In August, I began working with Mitsui Real Estate, Recruit, and a small NGO to introduce a new luxury high-rise residential tower in Shibaura, a less known waterfront area between Shinagawa and Hamamatsucho. It’s near where the base of Rainbow Bridge is located.
In this online interview (in Japanese) and in real estate brochures distributed around Tokyo, I relate my experience working in the neighborhood at Shibaura House, where I led gardening and fieldwork workshops for locals and international visitors, adults and small children.
The new tower, which is just now breaking ground, contributes to the restoration of Edo-era canals by creating a public waterfront park. This park contributes to the developer’s goal of creating a resilient community that includes new and existing residents. Providing greater access to the waterfront also restores a vital part of Tokyo’s history that was neglected in the 20th century.
I love this horticultural graffiti on the Korea Town side of Kabukicho. A girl pours a few drops from a watering can. She’s wearing matching gloves and shoes, with an anchor tattoo on her arm and electricity bolts on her dress. I wonder what she’s growing.
As a gardener, I am a maximalist with my own small space. Approaching the Imperial Palace from the Marunouchi business district, I am struck by the grandeur of using few elements at an enormous scale. Pine, water, and stone.
Just before summer starts is one of my favorite seasons in Tokyo. This is the river in Nakameguro famous for its cherry trees. I already want to put my feet in the water.
It was a great treat to get a bike tour of the Tama river from Akishima to Fussa with Chris from @a_small_lab. The wildness of this wide river in summer was refreshing, and I was surprised to see the rolling hills on the other side. We cooled off in this quiet stretch of water.
Chris showed me the origin of the Tamagawa josui, a historic canal that brought fresh water to Edo since the mid 1600s. It’s hard to believe this mix of wilderness, industrial decay, outdoor municipal swimming pools, river fishing, and residential life is also part of Tokyo.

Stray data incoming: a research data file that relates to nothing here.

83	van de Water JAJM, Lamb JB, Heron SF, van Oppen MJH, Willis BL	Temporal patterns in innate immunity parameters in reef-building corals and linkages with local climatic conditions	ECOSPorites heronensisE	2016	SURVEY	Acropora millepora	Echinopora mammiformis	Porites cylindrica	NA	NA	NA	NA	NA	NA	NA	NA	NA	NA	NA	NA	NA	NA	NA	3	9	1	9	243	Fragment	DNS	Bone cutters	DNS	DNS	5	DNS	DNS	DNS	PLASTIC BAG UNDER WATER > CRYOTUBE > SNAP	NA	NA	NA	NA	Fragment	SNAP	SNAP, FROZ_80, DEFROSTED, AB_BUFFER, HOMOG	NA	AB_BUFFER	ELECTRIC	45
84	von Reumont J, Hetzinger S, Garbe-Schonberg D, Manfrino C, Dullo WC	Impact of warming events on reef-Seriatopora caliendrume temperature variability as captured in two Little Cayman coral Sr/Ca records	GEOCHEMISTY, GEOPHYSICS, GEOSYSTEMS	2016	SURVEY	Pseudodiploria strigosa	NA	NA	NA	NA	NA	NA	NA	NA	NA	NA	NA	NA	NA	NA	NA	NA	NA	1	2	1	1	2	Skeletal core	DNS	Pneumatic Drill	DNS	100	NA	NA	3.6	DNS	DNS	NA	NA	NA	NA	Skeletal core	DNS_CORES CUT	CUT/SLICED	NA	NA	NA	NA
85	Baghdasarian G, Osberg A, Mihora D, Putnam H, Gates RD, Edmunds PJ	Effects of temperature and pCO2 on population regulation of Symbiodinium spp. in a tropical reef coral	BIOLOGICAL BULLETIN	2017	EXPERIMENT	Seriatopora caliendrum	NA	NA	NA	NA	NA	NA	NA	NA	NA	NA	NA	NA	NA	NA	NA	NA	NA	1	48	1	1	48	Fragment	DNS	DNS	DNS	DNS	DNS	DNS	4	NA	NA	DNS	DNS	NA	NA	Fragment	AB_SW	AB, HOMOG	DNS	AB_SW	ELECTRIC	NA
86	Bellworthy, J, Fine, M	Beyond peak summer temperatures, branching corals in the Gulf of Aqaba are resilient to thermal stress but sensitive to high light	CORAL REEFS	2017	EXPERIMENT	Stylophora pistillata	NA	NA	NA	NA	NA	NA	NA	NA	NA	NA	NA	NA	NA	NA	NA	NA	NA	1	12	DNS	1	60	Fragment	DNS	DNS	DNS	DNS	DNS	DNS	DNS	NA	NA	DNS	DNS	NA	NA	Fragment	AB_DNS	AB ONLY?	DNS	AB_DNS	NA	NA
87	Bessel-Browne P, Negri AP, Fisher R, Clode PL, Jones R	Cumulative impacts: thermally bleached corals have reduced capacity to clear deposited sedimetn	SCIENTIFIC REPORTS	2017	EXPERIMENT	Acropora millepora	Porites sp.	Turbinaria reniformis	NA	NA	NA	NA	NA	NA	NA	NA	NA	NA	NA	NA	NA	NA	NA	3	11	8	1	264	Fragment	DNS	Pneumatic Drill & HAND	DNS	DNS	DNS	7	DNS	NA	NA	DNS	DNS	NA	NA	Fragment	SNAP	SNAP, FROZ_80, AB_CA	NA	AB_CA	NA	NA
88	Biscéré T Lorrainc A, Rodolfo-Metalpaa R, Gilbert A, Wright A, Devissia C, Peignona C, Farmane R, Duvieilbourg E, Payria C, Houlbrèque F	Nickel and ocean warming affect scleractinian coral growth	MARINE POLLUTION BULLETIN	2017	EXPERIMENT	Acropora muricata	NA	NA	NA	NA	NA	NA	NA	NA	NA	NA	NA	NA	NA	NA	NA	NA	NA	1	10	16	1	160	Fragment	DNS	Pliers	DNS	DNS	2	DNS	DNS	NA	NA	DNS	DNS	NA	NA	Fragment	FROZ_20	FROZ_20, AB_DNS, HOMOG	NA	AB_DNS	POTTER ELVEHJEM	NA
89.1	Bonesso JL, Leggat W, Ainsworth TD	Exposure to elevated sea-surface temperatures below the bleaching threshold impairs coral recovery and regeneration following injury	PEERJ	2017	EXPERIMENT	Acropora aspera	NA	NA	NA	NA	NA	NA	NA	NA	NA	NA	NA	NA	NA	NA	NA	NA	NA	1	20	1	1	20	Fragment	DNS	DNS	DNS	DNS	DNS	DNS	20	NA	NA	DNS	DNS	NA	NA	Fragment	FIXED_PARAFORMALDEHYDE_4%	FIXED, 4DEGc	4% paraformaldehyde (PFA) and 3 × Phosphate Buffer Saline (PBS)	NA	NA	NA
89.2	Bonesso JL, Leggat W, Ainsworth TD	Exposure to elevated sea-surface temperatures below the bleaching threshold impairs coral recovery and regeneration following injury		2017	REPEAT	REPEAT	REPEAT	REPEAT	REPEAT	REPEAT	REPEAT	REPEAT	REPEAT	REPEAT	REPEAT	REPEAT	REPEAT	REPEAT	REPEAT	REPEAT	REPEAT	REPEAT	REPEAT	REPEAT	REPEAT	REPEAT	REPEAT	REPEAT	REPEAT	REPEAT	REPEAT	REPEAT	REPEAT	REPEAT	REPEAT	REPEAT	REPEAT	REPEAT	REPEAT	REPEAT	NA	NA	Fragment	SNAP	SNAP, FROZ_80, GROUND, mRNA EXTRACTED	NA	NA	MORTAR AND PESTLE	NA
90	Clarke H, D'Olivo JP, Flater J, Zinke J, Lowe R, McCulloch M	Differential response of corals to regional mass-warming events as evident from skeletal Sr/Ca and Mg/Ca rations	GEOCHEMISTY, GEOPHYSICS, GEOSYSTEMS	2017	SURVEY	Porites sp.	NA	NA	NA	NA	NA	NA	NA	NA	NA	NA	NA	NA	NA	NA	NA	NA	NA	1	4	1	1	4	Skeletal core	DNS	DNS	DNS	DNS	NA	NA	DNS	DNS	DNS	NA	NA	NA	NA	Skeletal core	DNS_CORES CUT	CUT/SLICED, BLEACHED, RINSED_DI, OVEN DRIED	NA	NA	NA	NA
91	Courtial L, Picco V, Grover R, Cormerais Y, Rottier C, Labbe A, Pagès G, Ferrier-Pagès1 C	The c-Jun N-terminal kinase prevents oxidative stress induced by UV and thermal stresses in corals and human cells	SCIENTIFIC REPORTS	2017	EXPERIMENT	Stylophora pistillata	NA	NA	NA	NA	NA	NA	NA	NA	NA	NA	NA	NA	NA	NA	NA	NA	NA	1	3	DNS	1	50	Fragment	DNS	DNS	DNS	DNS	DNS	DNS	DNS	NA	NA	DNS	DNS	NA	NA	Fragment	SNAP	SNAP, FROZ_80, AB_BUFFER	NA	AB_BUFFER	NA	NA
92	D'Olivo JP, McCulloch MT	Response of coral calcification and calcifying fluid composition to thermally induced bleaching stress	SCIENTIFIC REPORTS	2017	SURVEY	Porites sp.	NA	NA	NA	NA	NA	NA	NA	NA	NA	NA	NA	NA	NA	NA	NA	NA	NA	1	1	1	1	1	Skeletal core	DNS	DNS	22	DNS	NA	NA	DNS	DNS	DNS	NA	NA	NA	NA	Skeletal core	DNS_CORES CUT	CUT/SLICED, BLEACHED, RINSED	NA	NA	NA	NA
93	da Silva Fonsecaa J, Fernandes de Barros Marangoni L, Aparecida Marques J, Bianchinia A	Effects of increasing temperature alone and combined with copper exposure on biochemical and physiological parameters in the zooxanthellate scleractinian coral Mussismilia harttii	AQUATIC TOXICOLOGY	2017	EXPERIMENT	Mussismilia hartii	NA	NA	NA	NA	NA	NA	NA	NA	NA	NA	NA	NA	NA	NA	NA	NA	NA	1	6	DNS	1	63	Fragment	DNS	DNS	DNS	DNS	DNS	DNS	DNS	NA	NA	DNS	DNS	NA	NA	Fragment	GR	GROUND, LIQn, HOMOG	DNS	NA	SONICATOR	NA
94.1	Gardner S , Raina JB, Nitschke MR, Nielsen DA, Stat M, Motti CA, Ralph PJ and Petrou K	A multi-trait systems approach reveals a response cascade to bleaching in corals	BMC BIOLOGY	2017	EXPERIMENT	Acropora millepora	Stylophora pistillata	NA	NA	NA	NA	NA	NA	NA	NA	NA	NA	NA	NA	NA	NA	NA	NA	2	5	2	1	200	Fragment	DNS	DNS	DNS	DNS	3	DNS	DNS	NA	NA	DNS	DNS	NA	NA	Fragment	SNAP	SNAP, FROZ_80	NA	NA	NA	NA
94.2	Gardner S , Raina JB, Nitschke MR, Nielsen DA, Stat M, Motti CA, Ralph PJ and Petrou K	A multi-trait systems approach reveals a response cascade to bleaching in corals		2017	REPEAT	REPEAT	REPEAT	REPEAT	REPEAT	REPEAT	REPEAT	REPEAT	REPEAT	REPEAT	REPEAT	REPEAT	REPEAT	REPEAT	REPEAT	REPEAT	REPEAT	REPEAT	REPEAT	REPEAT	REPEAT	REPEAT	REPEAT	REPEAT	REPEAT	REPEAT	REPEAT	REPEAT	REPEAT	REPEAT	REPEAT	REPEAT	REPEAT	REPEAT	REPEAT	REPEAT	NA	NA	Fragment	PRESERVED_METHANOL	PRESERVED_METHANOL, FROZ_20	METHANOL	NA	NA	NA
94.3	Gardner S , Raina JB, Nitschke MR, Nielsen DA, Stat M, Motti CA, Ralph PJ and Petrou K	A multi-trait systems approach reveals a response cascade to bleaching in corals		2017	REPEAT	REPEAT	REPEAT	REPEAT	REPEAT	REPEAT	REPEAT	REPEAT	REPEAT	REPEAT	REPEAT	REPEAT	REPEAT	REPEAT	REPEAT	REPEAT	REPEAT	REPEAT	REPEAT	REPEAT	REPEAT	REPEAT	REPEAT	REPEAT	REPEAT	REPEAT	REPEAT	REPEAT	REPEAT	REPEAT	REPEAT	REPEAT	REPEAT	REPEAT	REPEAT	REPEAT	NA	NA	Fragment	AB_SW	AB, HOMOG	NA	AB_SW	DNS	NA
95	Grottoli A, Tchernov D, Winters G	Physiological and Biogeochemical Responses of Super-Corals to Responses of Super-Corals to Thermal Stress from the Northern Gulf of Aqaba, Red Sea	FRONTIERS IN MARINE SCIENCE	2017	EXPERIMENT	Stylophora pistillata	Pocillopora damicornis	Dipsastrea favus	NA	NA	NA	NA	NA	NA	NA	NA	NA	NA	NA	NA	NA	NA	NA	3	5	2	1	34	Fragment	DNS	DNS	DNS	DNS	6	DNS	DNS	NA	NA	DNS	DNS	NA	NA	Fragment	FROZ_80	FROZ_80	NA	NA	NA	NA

Tokyo University of Agriculture Professor Suzuki is planning a firefly habitat at a junior high school. Each year, teachers and students from the Tokyo school visit Gunma to study fireflies. This year I was also invited.
Fireflies need clean water and darkness. According to Professor Suzuki, creating habitat in the city also requires a “social design.” The temple, cemetary, and senior center near the school are also invited to participate.
When we arrived at Kawaba-mura, the school girls weeded a rice field and played with frogs and crabs in the creek. Even though they are city kids, the students are very brave.
At night, we saw Genji fireflies and Heiki fireflies. There are a lot of fireflies on the edge between the forest and the rice field.
We stayed at a hotel called “Nakano Village” which on the inside is Japanese modern style, and on the outside the building looks like part of the hillside. It was designed by the famous Sakakura Associates.
Kawaba mura has many apple orchards, and recently they are also growing blueberries.
The trip made me think of the following:
- How can gardens be created in multiple connected sites?
- How can all city and country kids learn about each other’s environments and lives?
- How can cities begin to value darkness as essential to their vitality?
- How can kids and adults create habitat and support wildlife where they study, work, play, and live?